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Monday, October 5, 2015

31 Days of Horror: Day 5-- Becky’s Haunting Halloween Debuts

Twice each year I have the honor of taking over my friend and colleague, Neal Wyatt’s popular Reader’s Shelf column in Library Journal.  [I do a Halloween column in October and a Halfway to Halloween one in April.]

This year, Library Journal asked me to find six horror debuts that will make great additions to most public library collections. You can see the full column below today, and then for the rest of this week look for four of these fabulously frightening authors to tell you about their favorite horror books and why they love the genre.

Haunting Halloween Debuts | The Reader’s Shelf, October 1, 2015

Looking for some new voices in horror to suggest to patrons this Halloween? Here are six satisfyingly scary recent debuts that showcase the vibrant state of today’s horror.

While they may be new to the book format, Joseph Fink and Jeffrey Cranor have spent the last few years weaving spooky stories for a popular podcast set in the small desert town of Night Vale, where super­natural occurrences are the norm. In Welcome to Night Vale(Harper Perennial. 2015. ISBN 9780062351425. $19.99; ebk. ISBN 9780062351449), they expand upon this mythical world, keeping listeners of their eponymous show engaged while welcoming new print readers to the fold. Their creepy mystery, which follows two of the town’s residents as they search for the elusive King City, is something akin to The Twilight Zone meets Prairie Home Companion.
The remote plain of Amy Lukavics’s gruesome YA title Daughters unto Devils (Harlequin Teen. 2015. ISBN 9780373211586. $17.99; ebk. ISBN 9781460390955) is harboring pure evil. When 16-year-old Amanda and her family move into their newly bought cabin, they find not only that the dwelling has been abandoned by the previous owners, but it is also covered in blood. Something is clearly wrong with the land and the few people who live there. Amanda is forced to stop running from her past and start confronting the madness and murder that currently surround her. Or are they coming from within? Amanda is living Laura Ingalls Wilder’s worst nightmare, and adult and teen horror enthusiasts alike will love every minute of this well-crafted and terrifying debut.

Monsters, both external and internal, are a staple in the horror genre. Brian Kirk plays off of this disturbing proposition perfectly in We Are Monsters (Samhain. 2015. ISBN 9781619229808. pap. $17.99; ebk. ISBN 9781619225916). Imagine a cure for schizophrenia that will allow thousands of mentally ill killers to be released from jail, devoid of their murderous impulses. In Kirk’s world, this medicine removes the corrupt voices inside patients’ heads only to deposit them into regular society, transforming what began as an imaginary threat into a very real danger. Written with switching points of view and breathless pacing, this deft novel may prompt readers to postpone their next trip to the doctor.

Hypothetical monsters may be frightening, but what about a story based on a real-life serial killer? In Weight of Chains (Sinister Grin. 2015. ISBN 9781944044008. pap. $17.50), Lesley Conner looks for inspiration to Gilles de Rais, a 15th-century French baron who killed many of his serfs’ children. With perspectives that alternate among many of the key players—the Baron, a wizard hired to raise a demon, and, most memorable, a young girl with the intelligence and pluck to save her village—this swift tale doesn’t sacrifice historical detail even as it works in plenty of dread and gore. The last 50 pages in particular pack a wallop and include a magnificent final scene that will leave readers with chills running down their spines.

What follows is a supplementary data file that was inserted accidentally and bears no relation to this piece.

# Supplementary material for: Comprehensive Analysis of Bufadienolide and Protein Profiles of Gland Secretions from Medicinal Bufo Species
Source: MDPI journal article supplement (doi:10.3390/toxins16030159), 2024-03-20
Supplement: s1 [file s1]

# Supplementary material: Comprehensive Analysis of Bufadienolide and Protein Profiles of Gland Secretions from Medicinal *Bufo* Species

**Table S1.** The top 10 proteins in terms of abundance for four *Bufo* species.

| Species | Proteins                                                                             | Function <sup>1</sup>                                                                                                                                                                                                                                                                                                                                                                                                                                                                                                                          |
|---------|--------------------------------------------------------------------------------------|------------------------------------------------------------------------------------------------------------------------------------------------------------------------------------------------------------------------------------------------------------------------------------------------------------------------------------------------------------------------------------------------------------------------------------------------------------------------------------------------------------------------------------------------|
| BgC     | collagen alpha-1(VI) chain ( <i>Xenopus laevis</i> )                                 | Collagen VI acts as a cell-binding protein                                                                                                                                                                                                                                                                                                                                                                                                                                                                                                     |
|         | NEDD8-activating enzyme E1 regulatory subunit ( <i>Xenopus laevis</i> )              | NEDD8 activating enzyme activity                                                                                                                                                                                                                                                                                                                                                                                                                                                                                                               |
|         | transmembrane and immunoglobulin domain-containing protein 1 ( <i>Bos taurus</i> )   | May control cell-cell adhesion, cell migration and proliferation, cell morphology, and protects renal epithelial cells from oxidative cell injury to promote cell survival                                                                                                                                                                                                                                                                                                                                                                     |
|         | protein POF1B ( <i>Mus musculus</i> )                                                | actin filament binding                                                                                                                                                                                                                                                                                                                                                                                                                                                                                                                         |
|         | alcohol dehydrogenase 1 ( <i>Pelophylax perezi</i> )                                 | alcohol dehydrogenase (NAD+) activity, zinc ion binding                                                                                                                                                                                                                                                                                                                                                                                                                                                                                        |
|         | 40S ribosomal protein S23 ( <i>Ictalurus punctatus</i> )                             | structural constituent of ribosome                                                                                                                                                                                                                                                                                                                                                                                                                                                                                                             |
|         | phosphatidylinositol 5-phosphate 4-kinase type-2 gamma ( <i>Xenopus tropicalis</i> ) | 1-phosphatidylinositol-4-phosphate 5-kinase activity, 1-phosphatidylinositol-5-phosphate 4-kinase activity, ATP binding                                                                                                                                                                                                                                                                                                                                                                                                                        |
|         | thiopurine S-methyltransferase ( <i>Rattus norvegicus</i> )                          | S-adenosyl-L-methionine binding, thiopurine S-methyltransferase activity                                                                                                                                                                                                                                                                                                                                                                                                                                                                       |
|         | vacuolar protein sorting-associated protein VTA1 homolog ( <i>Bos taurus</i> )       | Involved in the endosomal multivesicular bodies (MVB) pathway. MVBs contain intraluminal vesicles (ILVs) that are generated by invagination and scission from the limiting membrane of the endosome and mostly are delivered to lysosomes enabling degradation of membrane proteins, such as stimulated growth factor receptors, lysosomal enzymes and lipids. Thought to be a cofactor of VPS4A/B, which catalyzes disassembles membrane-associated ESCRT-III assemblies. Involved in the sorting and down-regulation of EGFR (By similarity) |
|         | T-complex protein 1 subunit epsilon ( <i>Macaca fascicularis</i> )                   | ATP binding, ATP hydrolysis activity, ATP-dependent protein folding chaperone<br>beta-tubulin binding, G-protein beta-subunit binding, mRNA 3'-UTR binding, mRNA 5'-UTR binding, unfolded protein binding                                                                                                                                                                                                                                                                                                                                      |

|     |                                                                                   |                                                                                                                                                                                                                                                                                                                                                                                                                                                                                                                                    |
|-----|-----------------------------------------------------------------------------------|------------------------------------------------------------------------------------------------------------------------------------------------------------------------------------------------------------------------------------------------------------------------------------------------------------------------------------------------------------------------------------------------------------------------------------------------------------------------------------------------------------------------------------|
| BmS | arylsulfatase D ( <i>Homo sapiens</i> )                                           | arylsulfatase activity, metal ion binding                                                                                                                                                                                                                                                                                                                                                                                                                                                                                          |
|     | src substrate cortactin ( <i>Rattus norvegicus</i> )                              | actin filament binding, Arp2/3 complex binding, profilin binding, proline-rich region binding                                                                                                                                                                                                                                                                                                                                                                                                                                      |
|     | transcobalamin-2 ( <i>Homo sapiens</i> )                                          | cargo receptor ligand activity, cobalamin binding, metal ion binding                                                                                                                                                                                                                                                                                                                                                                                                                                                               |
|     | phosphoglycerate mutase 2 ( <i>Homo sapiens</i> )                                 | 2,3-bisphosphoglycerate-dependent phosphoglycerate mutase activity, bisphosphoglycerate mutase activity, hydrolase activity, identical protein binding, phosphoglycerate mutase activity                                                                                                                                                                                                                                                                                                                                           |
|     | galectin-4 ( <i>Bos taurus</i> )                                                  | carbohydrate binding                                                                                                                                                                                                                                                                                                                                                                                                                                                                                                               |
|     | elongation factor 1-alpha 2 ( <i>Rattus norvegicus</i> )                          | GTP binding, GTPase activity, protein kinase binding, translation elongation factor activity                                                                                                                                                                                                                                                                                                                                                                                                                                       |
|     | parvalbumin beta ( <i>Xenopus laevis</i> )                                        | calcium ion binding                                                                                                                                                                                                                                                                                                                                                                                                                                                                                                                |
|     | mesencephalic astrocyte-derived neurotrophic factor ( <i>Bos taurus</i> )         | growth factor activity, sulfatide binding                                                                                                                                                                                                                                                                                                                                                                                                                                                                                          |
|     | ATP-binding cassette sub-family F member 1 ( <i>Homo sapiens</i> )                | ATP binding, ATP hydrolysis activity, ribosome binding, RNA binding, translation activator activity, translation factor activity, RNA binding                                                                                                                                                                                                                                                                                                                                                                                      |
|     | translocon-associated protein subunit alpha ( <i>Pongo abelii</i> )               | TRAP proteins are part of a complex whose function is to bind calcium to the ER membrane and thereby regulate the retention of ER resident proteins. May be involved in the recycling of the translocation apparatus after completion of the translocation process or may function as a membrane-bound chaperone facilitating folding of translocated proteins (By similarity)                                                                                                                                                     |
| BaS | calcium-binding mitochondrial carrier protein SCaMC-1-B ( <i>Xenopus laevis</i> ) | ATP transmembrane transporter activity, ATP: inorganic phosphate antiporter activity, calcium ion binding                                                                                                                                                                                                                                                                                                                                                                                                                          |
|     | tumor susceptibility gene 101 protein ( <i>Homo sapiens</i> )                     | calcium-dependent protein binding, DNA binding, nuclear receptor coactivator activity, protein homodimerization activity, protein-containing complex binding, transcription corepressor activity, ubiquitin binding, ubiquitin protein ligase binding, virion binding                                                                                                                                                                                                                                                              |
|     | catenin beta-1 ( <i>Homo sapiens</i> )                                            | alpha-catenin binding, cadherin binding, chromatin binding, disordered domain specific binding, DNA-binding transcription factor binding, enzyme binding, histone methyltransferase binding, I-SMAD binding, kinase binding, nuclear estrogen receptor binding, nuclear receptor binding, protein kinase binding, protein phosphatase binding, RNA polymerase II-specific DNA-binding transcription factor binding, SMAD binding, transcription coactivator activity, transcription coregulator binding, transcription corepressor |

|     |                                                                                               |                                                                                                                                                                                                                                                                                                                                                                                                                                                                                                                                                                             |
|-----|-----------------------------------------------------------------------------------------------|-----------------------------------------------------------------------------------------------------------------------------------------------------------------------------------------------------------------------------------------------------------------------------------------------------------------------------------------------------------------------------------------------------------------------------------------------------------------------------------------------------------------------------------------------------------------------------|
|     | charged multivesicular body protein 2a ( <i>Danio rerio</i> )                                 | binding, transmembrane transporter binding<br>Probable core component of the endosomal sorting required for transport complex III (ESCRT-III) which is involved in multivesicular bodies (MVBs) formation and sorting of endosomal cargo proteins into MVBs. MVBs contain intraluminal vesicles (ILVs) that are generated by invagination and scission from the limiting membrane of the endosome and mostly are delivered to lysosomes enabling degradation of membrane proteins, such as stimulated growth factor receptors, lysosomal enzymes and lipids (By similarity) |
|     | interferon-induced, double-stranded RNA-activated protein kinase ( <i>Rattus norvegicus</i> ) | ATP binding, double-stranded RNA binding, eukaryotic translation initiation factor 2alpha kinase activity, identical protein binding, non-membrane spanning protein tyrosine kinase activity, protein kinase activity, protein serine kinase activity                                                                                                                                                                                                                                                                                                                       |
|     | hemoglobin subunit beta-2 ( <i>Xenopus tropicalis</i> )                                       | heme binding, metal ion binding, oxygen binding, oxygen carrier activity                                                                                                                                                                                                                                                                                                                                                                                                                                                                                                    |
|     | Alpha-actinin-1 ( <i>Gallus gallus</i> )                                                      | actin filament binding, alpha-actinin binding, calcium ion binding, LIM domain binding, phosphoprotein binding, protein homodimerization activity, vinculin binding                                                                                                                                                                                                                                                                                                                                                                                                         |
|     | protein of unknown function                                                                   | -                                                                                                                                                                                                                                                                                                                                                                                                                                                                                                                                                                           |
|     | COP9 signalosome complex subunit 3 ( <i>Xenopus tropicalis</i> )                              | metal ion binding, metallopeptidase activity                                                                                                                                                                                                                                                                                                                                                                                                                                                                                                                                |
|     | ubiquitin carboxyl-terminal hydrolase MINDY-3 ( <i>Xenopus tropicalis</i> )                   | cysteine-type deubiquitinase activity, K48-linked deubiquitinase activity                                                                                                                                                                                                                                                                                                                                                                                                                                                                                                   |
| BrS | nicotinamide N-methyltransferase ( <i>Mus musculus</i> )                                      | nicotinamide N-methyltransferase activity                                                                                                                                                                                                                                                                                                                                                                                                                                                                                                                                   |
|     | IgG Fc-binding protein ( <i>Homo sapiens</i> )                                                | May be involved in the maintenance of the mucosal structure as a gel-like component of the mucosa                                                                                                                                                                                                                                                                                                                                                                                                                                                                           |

Horrific fiction based on the past is one thing, but sometimes the truth can be quite unsettling on its own as David Jaher illustrates in The Witch of Lime Street: Séance, Seduction, and Houdini in the Spirit World (Crown. 2015. ISBN 9780307451064. $28; ebk. ISBN 9780307451088). This nonfiction account details the most famous spiritualist of the 1920s, a woman known simply as Margery whose power to speak with the dead was so well known that Sir Arthur Conan Doyle publicly defended her legitimacy. Meanwhile, Harry Houdini was determined to debunk the con of all psychics and soon trained his sights on outwitting Margery. Jaher’s experience as a screenwriter and astrologer come through in this shocking and enlightening history.

Sometimes readers just want a thrilling, epic dark fantasy to put them in the Halloween mood. In The ­Library at Mount Char (Crown. 2015. ISBN 9780553418606. $26; ebk. ISBN 9780553418613), Scott Hawkins creates a godlike figure known as Father, who abducts a group of children and raises them in his Library outside the bounds of time and space, brutally teaching them astounding lessons. Carolyn was made the Librarian of Languages, and, after years of study, she can speak them all. Now in their 30s, the children have mastered their subjects but find that Father is missing. In his absence, his rival Gods begin a battle for power, with the fate of the universe at stake. Carolyn takes control with the help of an ex-con and a war hero. What are her intentions? Find out in this intricate, compelling, and menacing narrative reminiscent of Neil Gaiman’s American Gods..
This column was contributed by Becky Spratford, a Readers’ Advisor in Illinois. She is the author of The Readers’ Advisory Guide to Horror (2d ed. ALA Editions, 2012) and a proud member of the Horror Writers Association. Learn more about her at

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